Friday, January 15, 2010

New opportunities in a new land

New Zealand is a new and vibrant land. Our growing economy is characterised by a willingness to innovate, adapt and try new ideas. As small nation distant from our major markets, we have to be innovative to survive. And this ‘can do’ attitude has yielded some impressive results. In less than a decade, our film industry has grown from tiny beginnings into a producer of such international successes as The Lord of the Rings Trilogy, Whale Rider and The World’s Fastest Indian. Similarly, our once unknown wine industry now consistently produces award winning vintages that are sought after internationally. Over the years we have chalked up an impressive record of technical breakthroughs in science and technology and the range and diversity of our commercial products has burgeoned.

It is no accident that it was a New Zealander who first scaled Mt Everest. With our ‘can do’ spirit and record of innovative commercial enterprise we offer fertile ground for new ideas. As a small economy we also offer different types of work opportunities. Our companies are small and less formally structured and this calls for broadly-based skills rather than narrow specialisation. Diversity and adaptability --- and the opportunities that come with this more flexible approach to work ---- are essential to the way we do business.

Our lifestyle is also open and expansive. New Zealand has a thriving cultural life, with a unique mix of European, Maori, Polynesian, Asian, and increasingly, other traditions. Traditional social constraints and class structures are less evident. We have a firm belief in social equality and a dislike of formality and stuffiness. The differences between high and low income people are not pronounced and most New Zealanders have access to a range of affordable social and sporting activities. We are passionate about sport and have a great love of the outdoors. The range of activities available from sailing to fishing to mountaineering is huge. Easy access to the great outdoors is a feature of our way of life and even those living in the major cities are often within less than a twenty-minute drive of open and unspoilt countryside.

As a migrant destination New Zealand has a lot to offer. But life here will also be very different from what you are accustomed to and these differences are something you must take full account of before deciding to settle.

First, a few considerations

New Zealand is a small and distant country. For those accustomed to larger, more metropolitan societies this can come as a shock. Of all New Zealand’s cities only Auckland with a population of over a million, about 25% of the national total, would qualify as a major city. For many migrants, our other centres have more the feel of a country town and provincial towns often seem more like villages. If you love big city life, these features will not appeal. Our smallness is also reflected in other ways. The range of consumer goods is more limited and prices are sometimes higher. When compared with larger developed economies, New Zealand wage scales are also lower. This has to be kept in mind when comparing living costs which must be measured in terms of your New Zealand not your current salary. The opportunity to develop highly specialised skills is more limited. Standards tend to be more uniform, with few schools and no universities comprising an elite.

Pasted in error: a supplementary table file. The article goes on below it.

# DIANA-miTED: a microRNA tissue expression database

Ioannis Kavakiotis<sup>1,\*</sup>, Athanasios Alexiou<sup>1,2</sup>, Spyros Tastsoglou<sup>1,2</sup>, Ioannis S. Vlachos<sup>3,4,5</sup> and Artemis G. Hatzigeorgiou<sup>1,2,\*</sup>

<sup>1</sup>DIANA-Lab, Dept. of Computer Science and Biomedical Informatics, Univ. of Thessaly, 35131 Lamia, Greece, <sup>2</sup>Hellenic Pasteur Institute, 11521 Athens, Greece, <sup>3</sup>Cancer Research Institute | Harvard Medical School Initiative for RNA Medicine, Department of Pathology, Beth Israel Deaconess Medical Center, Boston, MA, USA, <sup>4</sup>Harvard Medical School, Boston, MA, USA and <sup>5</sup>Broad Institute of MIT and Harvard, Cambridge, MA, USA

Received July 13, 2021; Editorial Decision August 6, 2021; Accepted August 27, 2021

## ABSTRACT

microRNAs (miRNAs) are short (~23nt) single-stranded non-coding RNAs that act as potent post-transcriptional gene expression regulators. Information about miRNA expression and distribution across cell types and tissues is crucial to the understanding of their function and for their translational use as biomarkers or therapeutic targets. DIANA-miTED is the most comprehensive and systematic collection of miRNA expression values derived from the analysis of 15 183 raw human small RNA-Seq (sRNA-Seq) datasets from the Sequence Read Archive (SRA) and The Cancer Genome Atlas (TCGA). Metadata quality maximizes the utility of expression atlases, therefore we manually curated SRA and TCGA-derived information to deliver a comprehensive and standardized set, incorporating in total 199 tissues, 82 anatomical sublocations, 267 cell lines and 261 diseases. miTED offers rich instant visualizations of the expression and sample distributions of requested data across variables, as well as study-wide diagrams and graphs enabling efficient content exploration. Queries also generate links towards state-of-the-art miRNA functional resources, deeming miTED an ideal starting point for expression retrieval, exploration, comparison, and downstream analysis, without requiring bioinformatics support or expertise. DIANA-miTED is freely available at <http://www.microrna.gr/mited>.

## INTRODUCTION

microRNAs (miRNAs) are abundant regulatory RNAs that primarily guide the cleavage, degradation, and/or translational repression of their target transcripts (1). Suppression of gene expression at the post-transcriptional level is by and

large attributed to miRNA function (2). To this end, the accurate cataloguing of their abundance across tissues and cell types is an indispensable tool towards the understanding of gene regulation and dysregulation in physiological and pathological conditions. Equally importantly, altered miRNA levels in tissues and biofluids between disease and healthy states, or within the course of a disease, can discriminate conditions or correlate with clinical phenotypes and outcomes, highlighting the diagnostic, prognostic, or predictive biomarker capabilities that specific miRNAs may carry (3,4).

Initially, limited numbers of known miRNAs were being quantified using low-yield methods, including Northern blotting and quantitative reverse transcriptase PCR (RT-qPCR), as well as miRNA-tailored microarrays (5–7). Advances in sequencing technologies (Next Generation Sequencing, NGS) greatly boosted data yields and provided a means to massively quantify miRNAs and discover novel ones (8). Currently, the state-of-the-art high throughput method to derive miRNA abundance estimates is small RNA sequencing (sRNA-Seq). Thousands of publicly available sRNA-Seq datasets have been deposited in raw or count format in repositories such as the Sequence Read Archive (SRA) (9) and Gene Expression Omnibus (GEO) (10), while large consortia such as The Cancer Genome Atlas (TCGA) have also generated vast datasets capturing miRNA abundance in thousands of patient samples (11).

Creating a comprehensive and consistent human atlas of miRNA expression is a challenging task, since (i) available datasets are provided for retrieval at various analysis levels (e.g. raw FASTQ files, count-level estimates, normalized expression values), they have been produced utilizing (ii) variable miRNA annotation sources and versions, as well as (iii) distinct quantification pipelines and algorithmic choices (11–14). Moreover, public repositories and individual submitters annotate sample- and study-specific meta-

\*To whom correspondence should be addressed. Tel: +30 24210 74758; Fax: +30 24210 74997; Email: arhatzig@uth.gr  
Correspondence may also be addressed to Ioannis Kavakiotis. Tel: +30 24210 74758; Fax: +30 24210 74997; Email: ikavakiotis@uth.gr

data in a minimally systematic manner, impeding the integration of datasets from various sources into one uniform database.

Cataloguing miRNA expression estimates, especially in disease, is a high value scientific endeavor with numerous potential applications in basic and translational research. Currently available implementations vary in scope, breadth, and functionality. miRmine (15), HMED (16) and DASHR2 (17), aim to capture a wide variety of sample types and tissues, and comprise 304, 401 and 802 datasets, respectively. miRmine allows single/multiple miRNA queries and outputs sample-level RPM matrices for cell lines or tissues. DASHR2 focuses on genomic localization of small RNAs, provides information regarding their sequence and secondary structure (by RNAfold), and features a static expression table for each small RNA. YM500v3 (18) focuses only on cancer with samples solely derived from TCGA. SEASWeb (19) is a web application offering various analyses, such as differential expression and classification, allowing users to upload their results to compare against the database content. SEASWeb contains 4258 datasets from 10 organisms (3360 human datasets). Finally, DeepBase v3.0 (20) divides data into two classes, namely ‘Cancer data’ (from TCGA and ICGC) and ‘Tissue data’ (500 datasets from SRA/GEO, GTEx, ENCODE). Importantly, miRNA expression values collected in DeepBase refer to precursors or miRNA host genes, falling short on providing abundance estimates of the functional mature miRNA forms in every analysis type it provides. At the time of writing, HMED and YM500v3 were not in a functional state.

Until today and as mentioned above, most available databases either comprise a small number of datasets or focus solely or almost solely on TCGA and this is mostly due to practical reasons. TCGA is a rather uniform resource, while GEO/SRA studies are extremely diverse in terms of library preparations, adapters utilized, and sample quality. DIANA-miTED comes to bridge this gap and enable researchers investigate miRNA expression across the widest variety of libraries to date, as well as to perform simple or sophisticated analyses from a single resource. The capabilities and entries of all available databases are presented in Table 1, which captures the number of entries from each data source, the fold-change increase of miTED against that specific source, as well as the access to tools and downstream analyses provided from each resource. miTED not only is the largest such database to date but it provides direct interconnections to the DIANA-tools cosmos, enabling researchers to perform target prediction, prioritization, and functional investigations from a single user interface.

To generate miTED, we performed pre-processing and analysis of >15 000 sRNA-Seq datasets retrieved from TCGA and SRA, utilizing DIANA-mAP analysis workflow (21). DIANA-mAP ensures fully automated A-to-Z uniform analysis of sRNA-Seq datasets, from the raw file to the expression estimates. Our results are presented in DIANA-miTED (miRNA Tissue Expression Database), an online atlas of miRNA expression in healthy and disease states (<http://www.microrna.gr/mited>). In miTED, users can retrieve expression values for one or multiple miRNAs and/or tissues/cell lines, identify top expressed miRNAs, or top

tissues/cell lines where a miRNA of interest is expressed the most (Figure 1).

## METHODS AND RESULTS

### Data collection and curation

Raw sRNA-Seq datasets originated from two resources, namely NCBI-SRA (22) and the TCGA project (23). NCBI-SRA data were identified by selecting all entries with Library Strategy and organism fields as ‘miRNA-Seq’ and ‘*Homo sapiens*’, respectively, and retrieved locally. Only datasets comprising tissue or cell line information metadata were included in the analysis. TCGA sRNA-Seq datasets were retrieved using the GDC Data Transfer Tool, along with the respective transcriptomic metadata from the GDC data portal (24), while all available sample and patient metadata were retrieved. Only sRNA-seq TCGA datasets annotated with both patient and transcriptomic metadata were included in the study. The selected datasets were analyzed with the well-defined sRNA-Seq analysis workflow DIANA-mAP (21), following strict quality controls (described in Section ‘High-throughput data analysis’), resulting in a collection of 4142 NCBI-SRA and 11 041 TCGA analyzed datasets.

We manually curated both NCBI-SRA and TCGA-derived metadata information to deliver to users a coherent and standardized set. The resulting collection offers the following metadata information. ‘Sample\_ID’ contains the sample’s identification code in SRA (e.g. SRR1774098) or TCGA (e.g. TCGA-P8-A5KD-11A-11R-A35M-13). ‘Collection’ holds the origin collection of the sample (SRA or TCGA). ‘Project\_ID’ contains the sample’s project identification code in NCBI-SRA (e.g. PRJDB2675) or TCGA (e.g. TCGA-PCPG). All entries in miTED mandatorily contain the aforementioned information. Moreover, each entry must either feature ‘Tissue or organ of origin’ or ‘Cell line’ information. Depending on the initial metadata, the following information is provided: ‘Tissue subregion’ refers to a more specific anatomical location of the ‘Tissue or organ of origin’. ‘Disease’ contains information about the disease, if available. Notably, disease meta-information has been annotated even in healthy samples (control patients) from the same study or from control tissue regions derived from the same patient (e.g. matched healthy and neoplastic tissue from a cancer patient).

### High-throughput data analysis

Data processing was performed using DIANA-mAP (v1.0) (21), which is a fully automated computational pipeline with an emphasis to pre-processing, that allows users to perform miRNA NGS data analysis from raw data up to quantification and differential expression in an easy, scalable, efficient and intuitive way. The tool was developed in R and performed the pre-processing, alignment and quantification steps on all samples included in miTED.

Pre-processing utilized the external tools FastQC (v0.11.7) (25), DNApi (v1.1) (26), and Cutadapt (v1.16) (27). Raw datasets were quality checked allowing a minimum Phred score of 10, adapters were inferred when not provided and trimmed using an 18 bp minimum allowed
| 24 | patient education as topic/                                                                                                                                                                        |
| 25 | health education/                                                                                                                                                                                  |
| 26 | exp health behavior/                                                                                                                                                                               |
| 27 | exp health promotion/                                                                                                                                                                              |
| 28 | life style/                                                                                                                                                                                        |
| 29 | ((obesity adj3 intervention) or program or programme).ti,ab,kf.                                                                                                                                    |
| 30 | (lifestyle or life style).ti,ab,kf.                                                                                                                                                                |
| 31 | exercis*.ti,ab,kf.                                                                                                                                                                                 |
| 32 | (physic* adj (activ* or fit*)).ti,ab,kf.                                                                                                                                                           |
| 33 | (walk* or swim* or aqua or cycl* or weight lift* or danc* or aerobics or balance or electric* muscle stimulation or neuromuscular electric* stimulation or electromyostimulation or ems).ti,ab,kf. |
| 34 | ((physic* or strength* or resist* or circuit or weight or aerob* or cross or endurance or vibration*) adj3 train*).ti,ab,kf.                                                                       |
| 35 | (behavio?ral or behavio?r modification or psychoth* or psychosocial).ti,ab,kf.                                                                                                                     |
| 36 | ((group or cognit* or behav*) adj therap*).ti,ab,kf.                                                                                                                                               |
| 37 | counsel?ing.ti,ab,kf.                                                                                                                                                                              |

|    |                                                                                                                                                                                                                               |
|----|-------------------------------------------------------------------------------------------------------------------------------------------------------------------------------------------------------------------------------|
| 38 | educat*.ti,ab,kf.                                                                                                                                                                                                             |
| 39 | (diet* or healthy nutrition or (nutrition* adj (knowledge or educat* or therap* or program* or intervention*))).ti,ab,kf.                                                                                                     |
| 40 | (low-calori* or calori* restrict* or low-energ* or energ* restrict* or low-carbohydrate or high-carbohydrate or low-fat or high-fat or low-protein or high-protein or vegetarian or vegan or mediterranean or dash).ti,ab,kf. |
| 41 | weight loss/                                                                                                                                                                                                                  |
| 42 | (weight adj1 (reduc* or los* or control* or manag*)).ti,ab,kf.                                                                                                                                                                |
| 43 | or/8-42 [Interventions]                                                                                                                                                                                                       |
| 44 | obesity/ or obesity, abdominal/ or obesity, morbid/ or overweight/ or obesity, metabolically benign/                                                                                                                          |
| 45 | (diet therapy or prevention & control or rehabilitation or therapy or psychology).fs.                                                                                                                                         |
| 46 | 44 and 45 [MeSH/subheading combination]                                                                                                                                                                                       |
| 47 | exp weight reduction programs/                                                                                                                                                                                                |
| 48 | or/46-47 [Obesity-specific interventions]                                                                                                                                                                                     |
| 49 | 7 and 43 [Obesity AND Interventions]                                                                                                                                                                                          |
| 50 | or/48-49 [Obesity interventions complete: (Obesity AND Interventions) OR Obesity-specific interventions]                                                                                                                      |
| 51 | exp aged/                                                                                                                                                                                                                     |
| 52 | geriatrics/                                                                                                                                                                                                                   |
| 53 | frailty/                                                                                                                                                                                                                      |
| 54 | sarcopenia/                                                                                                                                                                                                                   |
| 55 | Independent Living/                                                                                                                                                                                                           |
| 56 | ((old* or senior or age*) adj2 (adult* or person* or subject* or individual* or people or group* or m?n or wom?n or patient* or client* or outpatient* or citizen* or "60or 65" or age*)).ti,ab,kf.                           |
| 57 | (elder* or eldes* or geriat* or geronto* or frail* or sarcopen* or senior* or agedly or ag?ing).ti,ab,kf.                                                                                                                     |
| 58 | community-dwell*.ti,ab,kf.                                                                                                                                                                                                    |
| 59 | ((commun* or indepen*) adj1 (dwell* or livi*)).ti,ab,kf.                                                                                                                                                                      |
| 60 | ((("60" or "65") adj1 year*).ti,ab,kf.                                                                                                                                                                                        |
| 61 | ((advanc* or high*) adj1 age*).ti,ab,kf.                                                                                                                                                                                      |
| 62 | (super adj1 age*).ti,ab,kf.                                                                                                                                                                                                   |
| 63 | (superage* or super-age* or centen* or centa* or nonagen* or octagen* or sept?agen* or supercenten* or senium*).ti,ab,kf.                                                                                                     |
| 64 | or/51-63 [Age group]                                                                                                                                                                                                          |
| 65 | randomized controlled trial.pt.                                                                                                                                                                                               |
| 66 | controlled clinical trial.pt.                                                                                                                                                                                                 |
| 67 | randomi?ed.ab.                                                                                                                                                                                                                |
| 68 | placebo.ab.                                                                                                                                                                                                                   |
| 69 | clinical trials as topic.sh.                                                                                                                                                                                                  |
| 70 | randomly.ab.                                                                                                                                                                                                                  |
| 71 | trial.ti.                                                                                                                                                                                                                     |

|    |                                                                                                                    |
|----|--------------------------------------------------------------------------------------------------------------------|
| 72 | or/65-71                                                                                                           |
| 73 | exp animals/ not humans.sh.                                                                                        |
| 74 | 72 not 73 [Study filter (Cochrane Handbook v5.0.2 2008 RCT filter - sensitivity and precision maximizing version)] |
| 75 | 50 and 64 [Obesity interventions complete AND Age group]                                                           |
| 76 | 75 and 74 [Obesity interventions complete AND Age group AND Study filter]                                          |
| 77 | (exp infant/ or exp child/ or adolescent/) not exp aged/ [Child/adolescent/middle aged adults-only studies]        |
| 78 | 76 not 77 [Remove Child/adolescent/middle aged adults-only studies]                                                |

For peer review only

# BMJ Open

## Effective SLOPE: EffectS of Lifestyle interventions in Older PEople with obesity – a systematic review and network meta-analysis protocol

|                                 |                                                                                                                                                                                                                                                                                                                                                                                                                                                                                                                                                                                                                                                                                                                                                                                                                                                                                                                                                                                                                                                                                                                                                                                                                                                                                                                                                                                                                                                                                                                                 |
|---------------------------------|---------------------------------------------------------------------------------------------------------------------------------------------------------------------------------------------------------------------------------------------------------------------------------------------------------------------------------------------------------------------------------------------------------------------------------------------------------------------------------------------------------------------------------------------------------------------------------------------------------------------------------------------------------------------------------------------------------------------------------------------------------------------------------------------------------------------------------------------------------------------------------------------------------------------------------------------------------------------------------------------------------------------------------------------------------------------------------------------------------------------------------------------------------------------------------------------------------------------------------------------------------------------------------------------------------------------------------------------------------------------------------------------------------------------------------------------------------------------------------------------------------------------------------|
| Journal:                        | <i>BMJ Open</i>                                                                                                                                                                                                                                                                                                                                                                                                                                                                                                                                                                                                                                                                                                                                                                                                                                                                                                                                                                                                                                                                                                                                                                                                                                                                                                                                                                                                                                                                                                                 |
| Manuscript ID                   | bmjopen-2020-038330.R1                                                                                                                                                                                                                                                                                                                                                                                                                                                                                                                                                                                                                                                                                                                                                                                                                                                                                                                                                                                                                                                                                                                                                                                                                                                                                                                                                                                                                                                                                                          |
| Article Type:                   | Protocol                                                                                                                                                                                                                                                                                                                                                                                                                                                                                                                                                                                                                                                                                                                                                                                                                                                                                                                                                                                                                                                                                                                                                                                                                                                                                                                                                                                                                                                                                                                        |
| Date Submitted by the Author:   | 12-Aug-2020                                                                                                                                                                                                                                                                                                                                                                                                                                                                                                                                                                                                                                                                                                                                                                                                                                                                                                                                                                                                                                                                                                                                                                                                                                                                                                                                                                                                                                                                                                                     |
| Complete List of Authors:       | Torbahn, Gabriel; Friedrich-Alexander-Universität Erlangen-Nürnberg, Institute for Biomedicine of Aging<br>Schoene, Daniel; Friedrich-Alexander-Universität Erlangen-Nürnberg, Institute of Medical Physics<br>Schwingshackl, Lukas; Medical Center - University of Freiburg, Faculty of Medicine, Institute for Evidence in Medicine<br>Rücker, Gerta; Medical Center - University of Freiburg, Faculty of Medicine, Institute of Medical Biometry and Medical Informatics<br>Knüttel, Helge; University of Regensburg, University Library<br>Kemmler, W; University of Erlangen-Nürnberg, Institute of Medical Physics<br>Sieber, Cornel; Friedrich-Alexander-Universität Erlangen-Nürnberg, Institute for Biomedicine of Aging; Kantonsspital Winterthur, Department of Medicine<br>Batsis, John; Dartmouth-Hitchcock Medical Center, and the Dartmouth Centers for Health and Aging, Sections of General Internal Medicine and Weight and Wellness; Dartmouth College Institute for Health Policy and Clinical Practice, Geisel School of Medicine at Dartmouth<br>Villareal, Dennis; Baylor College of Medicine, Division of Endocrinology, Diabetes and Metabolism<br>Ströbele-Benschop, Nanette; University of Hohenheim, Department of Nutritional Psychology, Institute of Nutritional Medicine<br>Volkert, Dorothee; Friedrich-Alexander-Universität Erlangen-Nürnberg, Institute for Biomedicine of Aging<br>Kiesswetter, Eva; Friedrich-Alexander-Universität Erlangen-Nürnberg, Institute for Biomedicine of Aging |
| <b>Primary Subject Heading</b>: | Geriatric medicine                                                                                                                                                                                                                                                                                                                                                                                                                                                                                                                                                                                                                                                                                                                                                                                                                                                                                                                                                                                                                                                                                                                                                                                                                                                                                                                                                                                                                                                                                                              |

Although new technologies are constantly making it easier for us to keep in touch, quick overseas trips are not an option. Our closest neighbour, Australia, is still three hours flying-time away and overseas travel remains costly and time consuming. Divorce rates amongst migrants are high and distance from family and friends is often a contributing factor. If family and friends are important to you, this is something you’ll need to weigh carefully before choosing to settle here.

New Zealand is a new society. Although Maori settlement of Aotearoa goes back almost a thousand years, the cultural roots of other New Zealanders go back little more than 150. A rich sense of history and tradition is something you will not find here. Freedom from the past can liberate but for some, this lack of history can engender feelings of isolation and loss. As a new country we also have our own way of doing things. Our housing is lightly constructed and employs different materials and styles. Two-storey houses, double glazing and central heating are uncommon and construction is generally of wood or manufactured materials. Our roads are usually limited to two lanes and in the country often have a gravel or metalled surface. We are also a do- it-yourself culture. If you want things done about the house, you must generally do them yourself. Home decorating and renovation is a national obsession and you’ll need to take a hands-on approach to most things. Domestic servants are not available and status counts for little. As a New Zealander you will be expected not to stand on your dignity and ‘muck in’ like a good Kiwi, whatever the occasion.

Source: New Zealand Immigration

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